Faced with a new surging rival, Republican presidential candidate Mitt Romney is returning to a familiar playbook to try to put down what may be his toughest challenge yet in opponent Rick Santorum.
Romney's negative ads worked to fend off the challenge of Newt Gingrich in recent weeks, and more are in the works against Santorum, although it's unclear how successful they will be.
In a clear sign that attack ads are looming, the pro-Romney super PAC Restore Our Future has ramped up its TV advertising in several states, including Michigan.
The Romney campaign itself also started buying air time on Tuesday in Michigan, the main battleground of a looming fight between the two Republican frontrunners in a Feb. 28 primary.
"If they follow what they've done in the past, Rick Santorum won't recognize himself when he looks in the mirror," said Dave Carney, a Republican strategist who worked for Texas Gov. Rick Perry's presidential campaign. "He'll get the stuffing knocked out of him over the next two weeks."
Romney backers will also call attention to Santorum's time in the U.S. Senate, when he supported government "earmark" projects that conservatives see as wasteful spending, such as Alaska's widely ridiculed $400 million "Bridge to Nowhere."
A senior Washington Republican who helps the Romney campaign said negative ads "move numbers, and as long as they move numbers, people will be using them."
Political action committees are groups with great clout in U.S. politics that are legally separate from candidates but often spend freely to buy negative advertising against rivals of the politicians they support.
Santorum, a former Pennsylvania senator, may not be as easy a target. He does not carry the same heavy baggage as former House Speaker Gingrich, and his support for government spending projects was shared by many Republicans in Congress competing for tax dollars for their home states.
"The negativity in and of itself is not going to win," said Carney. "I think [Romney] needs to have a positive message, talking about his values and what he wants to do."
The Republican candidates are engaged in a state-by-state battle for their party's nomination to challenge President Barack Obama in the Nov. 6 general election.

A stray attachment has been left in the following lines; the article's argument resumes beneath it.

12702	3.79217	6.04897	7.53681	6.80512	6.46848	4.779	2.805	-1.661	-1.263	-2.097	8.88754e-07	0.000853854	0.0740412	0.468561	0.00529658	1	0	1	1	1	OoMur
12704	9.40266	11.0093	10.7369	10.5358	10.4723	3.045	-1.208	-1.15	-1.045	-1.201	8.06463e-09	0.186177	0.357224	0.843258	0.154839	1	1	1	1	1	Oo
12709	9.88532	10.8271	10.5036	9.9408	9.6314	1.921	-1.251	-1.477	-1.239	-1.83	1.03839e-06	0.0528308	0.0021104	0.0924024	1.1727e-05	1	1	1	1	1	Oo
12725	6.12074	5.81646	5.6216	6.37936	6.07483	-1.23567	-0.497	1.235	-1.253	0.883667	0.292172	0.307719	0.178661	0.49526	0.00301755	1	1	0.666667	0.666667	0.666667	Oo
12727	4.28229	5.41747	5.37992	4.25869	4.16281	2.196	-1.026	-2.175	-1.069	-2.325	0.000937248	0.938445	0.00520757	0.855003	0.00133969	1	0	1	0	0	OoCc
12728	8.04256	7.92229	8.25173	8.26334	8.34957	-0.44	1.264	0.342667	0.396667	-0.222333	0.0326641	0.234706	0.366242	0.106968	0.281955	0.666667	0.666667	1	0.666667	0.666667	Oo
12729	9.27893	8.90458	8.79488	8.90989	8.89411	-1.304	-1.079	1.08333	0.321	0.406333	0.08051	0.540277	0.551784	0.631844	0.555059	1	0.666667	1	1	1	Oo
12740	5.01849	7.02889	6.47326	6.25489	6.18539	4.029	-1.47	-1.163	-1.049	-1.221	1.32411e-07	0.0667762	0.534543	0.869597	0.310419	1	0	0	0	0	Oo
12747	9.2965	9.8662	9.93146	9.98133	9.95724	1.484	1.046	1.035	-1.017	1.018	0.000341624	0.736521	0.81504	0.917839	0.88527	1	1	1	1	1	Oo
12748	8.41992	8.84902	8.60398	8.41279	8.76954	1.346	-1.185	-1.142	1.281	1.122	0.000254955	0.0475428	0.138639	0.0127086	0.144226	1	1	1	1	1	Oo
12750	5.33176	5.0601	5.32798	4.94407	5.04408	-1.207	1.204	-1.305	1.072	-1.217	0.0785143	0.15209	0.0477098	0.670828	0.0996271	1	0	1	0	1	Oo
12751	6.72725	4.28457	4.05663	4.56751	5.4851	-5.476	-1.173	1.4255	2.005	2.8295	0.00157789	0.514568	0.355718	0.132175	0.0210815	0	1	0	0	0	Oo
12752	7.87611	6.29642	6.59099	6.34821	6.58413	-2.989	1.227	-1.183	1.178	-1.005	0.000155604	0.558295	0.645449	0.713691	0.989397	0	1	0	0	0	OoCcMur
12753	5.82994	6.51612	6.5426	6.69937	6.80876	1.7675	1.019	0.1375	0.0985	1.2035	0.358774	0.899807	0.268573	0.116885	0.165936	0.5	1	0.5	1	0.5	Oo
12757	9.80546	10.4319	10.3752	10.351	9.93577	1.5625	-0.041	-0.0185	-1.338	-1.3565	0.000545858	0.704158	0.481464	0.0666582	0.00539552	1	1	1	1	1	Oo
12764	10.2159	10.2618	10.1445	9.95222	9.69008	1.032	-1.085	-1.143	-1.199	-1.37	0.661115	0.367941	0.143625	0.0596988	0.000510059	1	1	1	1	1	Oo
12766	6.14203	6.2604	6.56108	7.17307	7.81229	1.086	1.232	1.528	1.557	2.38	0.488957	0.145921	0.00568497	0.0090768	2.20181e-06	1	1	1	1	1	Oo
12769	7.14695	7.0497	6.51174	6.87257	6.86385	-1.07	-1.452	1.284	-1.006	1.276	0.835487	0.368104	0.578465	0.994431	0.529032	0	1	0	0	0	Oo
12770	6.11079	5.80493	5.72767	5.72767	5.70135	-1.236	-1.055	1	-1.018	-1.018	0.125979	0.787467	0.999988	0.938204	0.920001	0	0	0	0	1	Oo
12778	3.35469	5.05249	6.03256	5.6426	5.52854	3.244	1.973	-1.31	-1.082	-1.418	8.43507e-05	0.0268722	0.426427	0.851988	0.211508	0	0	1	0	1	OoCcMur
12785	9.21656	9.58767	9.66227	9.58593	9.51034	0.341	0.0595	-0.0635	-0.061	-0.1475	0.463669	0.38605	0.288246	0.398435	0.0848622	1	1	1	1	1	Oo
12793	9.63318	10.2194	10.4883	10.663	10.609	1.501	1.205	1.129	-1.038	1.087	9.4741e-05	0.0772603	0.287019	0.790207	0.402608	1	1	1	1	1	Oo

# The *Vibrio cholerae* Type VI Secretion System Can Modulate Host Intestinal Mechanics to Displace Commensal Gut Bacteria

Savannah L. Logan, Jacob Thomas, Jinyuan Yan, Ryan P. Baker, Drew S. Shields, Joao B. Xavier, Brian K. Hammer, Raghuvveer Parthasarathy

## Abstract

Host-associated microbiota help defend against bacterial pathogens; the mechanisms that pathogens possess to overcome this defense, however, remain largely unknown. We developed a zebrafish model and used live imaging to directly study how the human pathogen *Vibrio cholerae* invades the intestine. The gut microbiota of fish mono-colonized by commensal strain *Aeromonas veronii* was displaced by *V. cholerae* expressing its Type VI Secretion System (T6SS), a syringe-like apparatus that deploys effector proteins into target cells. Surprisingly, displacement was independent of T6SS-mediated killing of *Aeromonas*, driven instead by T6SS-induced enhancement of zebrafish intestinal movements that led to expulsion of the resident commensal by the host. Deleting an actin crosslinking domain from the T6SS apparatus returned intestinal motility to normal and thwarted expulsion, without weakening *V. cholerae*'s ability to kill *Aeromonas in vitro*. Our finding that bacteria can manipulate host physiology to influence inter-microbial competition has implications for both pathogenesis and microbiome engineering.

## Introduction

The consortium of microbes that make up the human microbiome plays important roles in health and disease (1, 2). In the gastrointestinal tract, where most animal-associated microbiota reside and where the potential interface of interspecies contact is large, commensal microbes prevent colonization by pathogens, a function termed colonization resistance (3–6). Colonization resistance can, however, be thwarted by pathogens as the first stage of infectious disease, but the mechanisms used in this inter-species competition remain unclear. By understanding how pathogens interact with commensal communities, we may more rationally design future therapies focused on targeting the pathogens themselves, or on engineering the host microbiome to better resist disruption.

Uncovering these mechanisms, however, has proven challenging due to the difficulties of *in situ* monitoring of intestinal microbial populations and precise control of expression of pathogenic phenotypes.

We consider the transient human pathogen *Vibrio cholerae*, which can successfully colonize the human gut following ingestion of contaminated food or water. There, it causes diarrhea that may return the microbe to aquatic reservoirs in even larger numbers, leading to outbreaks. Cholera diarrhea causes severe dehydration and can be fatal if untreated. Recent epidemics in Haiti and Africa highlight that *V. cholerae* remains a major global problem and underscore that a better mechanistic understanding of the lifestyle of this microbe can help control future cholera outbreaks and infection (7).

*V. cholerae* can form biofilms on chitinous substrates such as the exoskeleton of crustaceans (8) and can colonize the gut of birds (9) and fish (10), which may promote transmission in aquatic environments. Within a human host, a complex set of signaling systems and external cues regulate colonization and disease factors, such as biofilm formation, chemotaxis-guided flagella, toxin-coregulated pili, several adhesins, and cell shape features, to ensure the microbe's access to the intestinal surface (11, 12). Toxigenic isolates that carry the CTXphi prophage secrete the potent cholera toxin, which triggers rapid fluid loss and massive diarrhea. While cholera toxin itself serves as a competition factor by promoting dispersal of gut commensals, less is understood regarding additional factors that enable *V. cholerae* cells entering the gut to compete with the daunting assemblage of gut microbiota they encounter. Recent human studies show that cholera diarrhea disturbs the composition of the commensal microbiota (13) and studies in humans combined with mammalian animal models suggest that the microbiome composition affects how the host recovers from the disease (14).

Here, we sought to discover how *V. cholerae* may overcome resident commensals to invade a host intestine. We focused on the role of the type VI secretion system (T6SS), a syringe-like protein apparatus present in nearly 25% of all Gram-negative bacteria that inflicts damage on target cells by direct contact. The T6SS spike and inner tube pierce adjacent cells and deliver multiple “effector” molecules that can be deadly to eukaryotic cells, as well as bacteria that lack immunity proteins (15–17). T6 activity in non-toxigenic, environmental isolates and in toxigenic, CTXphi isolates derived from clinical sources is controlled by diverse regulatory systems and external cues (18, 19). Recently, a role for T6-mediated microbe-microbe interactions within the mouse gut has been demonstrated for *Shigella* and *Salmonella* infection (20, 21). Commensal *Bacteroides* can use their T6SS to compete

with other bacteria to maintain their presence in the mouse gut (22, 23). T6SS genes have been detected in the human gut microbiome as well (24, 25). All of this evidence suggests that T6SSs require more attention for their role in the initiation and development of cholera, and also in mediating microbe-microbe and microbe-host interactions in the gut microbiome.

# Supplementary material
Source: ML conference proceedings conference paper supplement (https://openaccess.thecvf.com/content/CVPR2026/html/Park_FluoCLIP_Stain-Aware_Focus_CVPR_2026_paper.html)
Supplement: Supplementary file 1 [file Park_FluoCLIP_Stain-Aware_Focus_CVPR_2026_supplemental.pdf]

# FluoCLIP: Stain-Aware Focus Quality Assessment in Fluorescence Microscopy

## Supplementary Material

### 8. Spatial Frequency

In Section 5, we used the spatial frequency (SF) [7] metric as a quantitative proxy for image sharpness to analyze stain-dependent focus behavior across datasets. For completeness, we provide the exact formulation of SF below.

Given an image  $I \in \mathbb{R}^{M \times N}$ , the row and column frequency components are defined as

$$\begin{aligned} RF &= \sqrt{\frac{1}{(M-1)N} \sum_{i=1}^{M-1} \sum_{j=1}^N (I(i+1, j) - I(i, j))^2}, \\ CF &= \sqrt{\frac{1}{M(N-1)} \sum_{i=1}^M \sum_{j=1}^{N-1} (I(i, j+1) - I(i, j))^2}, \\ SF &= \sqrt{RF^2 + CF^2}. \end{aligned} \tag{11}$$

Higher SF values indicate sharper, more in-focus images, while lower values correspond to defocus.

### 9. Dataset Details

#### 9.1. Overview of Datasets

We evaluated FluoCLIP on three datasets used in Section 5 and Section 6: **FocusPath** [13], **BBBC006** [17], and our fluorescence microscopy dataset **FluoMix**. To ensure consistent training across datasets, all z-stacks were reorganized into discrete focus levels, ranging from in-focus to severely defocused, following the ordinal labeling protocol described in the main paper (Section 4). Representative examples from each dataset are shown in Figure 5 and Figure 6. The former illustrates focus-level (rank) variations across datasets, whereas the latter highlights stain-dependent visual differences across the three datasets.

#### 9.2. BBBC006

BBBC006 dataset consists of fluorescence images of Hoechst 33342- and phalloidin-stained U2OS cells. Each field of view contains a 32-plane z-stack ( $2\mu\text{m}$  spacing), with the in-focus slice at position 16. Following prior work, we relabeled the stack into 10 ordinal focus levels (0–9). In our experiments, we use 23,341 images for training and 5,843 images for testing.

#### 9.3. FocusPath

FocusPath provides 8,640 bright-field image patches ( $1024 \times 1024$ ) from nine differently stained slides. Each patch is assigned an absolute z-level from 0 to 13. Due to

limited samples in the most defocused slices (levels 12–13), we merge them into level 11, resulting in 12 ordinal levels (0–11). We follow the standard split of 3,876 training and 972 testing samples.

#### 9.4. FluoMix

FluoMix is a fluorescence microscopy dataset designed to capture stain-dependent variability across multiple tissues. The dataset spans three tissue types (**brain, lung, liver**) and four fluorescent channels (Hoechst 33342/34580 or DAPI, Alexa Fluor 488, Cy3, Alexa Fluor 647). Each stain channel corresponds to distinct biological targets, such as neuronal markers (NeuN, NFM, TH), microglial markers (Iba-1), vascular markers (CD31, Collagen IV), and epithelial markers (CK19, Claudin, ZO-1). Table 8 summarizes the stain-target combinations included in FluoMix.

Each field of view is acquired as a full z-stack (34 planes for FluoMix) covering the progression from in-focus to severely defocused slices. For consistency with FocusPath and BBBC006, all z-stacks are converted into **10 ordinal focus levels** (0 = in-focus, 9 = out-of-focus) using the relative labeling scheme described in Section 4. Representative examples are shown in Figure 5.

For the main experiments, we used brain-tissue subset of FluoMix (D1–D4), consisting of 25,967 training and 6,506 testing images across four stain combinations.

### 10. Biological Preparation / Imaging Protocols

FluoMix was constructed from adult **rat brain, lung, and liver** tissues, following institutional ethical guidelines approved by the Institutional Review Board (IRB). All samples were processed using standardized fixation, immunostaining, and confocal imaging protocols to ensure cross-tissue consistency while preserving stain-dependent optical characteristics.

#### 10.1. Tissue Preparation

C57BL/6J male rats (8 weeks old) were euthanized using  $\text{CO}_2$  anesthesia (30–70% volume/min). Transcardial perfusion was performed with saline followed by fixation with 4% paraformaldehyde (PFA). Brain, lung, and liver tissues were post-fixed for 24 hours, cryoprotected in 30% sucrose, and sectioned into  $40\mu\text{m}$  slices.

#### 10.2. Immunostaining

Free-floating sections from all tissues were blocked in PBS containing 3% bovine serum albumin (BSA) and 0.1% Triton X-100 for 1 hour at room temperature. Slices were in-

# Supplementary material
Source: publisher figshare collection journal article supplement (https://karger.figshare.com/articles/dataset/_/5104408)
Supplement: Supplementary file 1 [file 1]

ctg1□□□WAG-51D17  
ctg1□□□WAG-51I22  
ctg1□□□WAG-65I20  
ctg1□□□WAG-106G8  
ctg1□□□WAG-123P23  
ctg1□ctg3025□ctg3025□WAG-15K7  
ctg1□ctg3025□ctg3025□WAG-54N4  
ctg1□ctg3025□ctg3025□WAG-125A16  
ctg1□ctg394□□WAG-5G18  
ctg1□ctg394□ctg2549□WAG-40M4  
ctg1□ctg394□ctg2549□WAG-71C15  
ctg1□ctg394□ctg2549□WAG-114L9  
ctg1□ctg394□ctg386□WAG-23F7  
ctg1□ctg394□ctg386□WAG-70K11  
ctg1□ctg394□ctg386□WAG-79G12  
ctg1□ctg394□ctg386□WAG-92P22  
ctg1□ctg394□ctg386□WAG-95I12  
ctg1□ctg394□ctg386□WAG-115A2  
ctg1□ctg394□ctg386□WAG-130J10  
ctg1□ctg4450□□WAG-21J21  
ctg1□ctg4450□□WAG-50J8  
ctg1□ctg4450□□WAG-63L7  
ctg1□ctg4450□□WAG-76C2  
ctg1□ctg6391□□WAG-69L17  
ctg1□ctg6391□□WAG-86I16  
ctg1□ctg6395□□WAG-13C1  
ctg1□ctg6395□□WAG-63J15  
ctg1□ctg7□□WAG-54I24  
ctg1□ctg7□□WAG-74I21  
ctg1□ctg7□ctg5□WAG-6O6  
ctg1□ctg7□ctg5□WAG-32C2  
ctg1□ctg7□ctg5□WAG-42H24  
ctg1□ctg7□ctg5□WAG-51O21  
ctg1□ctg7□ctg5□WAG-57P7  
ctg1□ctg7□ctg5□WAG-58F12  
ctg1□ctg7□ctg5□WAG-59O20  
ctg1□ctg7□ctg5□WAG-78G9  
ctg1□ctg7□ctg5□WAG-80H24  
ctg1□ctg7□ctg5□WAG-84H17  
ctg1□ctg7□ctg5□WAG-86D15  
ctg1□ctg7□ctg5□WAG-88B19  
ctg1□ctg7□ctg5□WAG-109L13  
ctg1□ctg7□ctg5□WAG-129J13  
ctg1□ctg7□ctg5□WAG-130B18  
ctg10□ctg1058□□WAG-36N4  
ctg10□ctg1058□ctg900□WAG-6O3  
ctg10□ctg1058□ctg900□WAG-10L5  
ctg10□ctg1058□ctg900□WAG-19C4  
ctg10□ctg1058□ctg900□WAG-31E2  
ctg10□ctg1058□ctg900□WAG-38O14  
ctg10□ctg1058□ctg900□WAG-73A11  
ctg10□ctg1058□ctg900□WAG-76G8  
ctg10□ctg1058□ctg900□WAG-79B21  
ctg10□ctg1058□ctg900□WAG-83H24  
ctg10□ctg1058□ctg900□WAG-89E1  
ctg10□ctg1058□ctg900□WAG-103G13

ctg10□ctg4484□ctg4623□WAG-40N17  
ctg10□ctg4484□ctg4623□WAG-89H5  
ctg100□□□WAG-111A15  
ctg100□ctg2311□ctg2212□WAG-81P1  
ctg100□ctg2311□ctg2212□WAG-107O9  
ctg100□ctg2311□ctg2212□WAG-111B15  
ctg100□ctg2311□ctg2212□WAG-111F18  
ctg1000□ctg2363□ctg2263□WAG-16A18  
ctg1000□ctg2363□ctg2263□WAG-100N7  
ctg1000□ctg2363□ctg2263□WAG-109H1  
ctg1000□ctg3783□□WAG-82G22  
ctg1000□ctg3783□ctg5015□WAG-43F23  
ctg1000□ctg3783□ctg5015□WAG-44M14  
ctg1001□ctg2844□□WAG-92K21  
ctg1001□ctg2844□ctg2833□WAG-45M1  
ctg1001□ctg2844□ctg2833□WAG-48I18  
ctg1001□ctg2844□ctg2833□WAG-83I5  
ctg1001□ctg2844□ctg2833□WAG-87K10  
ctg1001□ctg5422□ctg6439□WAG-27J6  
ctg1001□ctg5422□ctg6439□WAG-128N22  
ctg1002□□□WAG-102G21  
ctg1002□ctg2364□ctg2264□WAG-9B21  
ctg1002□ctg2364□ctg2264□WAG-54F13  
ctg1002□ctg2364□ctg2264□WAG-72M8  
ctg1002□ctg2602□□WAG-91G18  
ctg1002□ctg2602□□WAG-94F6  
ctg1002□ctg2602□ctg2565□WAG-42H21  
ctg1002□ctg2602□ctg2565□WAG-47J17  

A tough fight lies in economically battered Michigan, where Santorum has gained traction with a blue-collar appeal in a state centered around the auto industry.
Romney is emphasizing his home-town roots as the son of a popular former Michigan governor who once led the now-defunct American Motors, George Romney.
"I want to make Michigan stronger and better. Michigan has been my home and this is personal," Romney says from behind the wheel of a car in a new ad airing in the state.
To flesh out his economic agenda, Romney is expected to lay out some tax reform proposals in a major economic speech in Detroit on Feb. 24. It is likely to include provisions to reduce tax rates and limit tax deductions, Republicans said.
Campaign advisers say Romney's approach in the next few weeks of campaigning is to talk up his conservative credentials, as he did at a major conference in Washington last week, to try to undermine Santorum.
Romney is struggling to win over conservative voters in Michigan and Arizona, where he needs wins to build momentum ahead of March 6, the 10-state "Super Tuesday" jackpot.
A new CBS News/New York Times national poll concluded on Tuesday that Santorum's momentum is real, based on his victories a week ago in Colorado, Minnesota, and Missouri.
It gave the former senator a slight edge over Romney among Republican voters, 30 percent to 27 percent, and Republican strategists say Romney has little choice but go after Santorum.
"He can't let this thing unravel at this point in time," said Ed Rollins, a former campaign manager for Minnesota Representative Michele Bachmann. "I think the key thing is he's got to use whatever it takes to win.'
"Rick was a member of the [Senate] leadership. He went along to get along with earmarks and voting for appropriations bills and those kinds of things," said an informal Romney adviser, Charlie Black.
"He was outspoken on social issues, that's true, but the voters this time are not looking for a Washington insider."
Santorum's 1998 Senate vote to confirm liberal Sonia Sotomayor to a U.S. appeals court a decade before Obama elevated her to the Supreme Court is likely to be in focus.
And Santorum's support of moderate Sen. Arlen Specter over conservative Pat Toomey in Pennsylvania's 2004 Republican primary race will receive renewed attention.
Romney may see benefits in Arizona from the slice of the population that shares his Mormon faith, and he can also count on Arizona Sen. John McCain to campaign for him there.
To try to attract conservatives who worry he is a moderate, Romney has been playing up his record as governor of Massachusetts, where he balanced the state's budget.
He is talking less about his experience as a private equity executive at Bain Capital, where he built his multimillion-dollar fortune.
"If there was a program, an agency or a department that needed cutting, we cut it," Romney told conservatives last week of his time as governor.
Former New Hampshire Governor John Sununu, a Romney adviser, said Romney's struggles with conservatives should come as no surprise. "Even conservatives have problems with conservatives," he said.
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